Again this year, bills in the Missouri Legislature would effectively hide public notices from the public.
Public notices, also called legal notices, are required by law to be published in newspapers.
The idea always has been to provide transparency in government, and the practice long has been required under state law. The notices inform Missourians about advertisements for bids, contracts, unclaimed property, school/government finances, court proceedings, foreclosures and assessments, among other things.
House Bill 686, sponsored by Rep. Nick Schroer, R-O’Fallon, would drop the requirement for property foreclosure notices to be printed in newspapers, and allow them instead to be posted on the foreclosure trustee’s website.
But here’s the problem: Most people would never see those websites. There are hundreds — possibly thousands — of trustees doing business in Missouri. So it would be incredibly difficult for people to track down upcoming foreclosure auctions on all those obscure websites. Plus, not everyone has a computer or internet access.
If a foreclosed property is being sold on the courthouse steps, for instance, only the select people who can find the public notice for the sale will be able to bid. The few bidders who do know about the sale, then, would have an advantage — perhaps an opportunity to buy properties for far less than their value.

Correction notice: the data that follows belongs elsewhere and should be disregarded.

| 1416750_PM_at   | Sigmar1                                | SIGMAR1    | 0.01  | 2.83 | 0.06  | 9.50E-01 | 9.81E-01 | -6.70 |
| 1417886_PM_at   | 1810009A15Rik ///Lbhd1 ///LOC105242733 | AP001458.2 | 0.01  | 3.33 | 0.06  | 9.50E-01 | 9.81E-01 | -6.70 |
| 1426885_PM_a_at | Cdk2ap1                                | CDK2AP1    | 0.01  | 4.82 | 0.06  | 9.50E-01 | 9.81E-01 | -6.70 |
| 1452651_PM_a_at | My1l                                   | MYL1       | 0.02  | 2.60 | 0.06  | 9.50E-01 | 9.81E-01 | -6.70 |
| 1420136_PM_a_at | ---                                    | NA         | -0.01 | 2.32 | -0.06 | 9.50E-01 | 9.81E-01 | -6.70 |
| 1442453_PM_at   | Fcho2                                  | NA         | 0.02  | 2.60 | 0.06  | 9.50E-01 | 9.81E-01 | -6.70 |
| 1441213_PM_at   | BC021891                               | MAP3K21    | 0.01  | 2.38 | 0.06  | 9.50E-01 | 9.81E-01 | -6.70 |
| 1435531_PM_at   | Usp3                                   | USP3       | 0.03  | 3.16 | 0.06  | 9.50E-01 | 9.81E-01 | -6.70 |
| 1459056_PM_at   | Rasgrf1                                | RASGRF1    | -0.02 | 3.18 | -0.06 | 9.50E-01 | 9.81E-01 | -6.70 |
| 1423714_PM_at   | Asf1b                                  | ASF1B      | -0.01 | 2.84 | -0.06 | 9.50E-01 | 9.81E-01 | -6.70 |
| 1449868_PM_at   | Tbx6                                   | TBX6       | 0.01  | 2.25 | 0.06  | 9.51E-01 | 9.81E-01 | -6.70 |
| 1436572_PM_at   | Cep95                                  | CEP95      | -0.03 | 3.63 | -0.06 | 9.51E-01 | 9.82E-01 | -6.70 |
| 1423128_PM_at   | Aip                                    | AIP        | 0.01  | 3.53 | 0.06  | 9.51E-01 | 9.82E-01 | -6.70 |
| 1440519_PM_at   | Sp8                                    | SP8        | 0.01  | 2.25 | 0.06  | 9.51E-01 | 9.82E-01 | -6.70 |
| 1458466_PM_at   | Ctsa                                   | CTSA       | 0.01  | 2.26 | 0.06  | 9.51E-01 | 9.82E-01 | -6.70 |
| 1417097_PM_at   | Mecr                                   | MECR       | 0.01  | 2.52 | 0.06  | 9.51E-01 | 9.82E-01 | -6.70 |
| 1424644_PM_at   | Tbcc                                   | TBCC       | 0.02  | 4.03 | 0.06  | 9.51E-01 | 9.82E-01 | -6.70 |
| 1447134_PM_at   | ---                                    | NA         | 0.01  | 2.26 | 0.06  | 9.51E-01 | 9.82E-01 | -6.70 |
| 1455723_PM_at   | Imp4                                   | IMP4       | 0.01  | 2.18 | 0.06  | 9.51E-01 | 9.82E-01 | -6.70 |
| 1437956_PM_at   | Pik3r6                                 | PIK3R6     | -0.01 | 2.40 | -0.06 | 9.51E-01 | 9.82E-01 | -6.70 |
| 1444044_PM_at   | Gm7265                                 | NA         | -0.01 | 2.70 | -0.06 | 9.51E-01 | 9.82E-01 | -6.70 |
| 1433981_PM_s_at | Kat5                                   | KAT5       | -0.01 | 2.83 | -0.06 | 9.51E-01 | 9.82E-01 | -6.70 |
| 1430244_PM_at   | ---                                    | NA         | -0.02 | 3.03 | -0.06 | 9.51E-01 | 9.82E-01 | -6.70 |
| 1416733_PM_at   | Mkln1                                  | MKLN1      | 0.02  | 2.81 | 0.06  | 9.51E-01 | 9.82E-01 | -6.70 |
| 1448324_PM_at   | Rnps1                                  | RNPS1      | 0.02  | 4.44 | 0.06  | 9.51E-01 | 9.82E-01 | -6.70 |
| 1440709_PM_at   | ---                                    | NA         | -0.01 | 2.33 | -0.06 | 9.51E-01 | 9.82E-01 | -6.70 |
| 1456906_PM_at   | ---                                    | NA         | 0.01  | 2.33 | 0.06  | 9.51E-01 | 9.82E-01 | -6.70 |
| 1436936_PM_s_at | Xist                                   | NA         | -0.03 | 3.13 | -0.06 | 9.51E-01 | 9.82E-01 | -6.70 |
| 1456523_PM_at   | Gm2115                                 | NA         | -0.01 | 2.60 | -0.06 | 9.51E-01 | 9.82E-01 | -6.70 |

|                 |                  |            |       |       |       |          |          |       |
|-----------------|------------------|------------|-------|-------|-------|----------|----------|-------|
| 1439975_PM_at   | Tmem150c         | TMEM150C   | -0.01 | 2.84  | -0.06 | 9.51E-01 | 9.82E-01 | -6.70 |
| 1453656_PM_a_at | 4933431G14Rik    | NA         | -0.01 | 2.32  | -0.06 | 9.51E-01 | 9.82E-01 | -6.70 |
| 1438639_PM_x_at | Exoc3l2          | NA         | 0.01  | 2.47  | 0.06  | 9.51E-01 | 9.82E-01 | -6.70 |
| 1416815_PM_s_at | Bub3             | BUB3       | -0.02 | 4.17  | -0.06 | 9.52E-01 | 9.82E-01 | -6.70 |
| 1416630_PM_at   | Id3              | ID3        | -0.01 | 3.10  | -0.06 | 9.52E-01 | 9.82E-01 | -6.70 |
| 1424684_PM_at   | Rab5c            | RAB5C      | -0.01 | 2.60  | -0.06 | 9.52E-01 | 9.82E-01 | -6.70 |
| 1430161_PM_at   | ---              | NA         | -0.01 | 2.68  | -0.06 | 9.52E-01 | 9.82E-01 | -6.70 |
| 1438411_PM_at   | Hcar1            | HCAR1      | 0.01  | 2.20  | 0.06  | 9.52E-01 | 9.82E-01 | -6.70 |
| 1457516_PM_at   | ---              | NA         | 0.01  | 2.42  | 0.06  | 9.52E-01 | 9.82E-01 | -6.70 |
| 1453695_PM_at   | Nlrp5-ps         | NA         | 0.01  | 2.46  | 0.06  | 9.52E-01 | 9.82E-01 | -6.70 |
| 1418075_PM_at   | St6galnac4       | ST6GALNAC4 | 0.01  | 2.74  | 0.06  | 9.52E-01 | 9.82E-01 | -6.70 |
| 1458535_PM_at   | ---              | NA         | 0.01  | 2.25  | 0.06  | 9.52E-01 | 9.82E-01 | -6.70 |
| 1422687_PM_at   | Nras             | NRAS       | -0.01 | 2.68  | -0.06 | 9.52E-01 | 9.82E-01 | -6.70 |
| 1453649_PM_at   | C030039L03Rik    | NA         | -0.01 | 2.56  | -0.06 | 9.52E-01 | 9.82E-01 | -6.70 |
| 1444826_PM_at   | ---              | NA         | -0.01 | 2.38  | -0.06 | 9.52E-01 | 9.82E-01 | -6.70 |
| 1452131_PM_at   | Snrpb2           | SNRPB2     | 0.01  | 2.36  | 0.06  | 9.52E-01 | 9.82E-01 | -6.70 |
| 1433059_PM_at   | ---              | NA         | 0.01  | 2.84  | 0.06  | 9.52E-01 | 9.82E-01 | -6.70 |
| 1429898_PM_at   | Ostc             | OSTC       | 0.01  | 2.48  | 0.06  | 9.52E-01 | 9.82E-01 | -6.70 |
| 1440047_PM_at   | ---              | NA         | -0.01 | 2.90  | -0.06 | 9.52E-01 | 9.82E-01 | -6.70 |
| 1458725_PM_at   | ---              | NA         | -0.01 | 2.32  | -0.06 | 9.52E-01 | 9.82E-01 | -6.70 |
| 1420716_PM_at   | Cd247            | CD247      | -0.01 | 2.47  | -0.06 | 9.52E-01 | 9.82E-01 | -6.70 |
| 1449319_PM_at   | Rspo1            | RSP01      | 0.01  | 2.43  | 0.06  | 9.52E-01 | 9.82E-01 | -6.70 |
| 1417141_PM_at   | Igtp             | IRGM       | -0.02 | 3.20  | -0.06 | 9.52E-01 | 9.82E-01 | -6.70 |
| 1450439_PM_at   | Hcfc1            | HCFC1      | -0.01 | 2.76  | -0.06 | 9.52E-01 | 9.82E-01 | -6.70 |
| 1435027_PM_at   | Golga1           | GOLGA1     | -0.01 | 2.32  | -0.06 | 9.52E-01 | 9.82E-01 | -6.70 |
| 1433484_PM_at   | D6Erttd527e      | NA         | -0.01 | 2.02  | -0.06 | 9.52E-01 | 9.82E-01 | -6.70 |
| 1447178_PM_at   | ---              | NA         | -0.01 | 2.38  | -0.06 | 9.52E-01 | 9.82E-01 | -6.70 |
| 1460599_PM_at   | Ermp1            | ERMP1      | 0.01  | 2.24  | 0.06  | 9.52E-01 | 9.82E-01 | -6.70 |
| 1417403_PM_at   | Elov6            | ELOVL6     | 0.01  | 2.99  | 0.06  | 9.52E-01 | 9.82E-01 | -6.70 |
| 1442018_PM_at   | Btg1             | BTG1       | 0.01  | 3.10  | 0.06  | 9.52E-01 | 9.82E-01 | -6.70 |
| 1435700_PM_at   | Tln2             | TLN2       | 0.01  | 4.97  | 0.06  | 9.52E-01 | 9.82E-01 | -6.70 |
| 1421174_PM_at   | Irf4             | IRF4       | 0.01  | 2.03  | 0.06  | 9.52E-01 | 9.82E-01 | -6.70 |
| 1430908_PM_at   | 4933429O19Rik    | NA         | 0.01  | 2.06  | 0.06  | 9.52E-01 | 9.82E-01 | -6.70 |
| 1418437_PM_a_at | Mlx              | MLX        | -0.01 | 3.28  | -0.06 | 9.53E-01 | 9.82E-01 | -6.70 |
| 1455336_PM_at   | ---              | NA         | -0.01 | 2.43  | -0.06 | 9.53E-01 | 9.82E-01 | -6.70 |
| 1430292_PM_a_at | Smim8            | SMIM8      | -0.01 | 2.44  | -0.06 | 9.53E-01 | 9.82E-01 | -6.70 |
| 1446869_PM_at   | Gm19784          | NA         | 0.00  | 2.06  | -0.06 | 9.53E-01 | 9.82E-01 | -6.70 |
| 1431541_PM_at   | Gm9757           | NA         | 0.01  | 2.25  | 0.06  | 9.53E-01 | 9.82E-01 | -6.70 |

Just to be clear, this newspaper does have a dog in the fight. Trustees would benefit by saving the cost of paying newspapers to print the notices. Newspapers, on the other hand, would lose that revenue.
Newspapers remain the best avenue to inform the public about public notices. Newspapers still are read by the majority of the public, and they expect to find public notices in their paper.
A hearing for HB686 by the House General Laws Committee was held Feb. 20, and a similar bill has been introduced in the Senate.
If you, like us, believe that public notices should be open to the public, not hidden on obscure websites, we encourage you to attend the hearing and speak out or contact your elected state officials to let them know how you feel.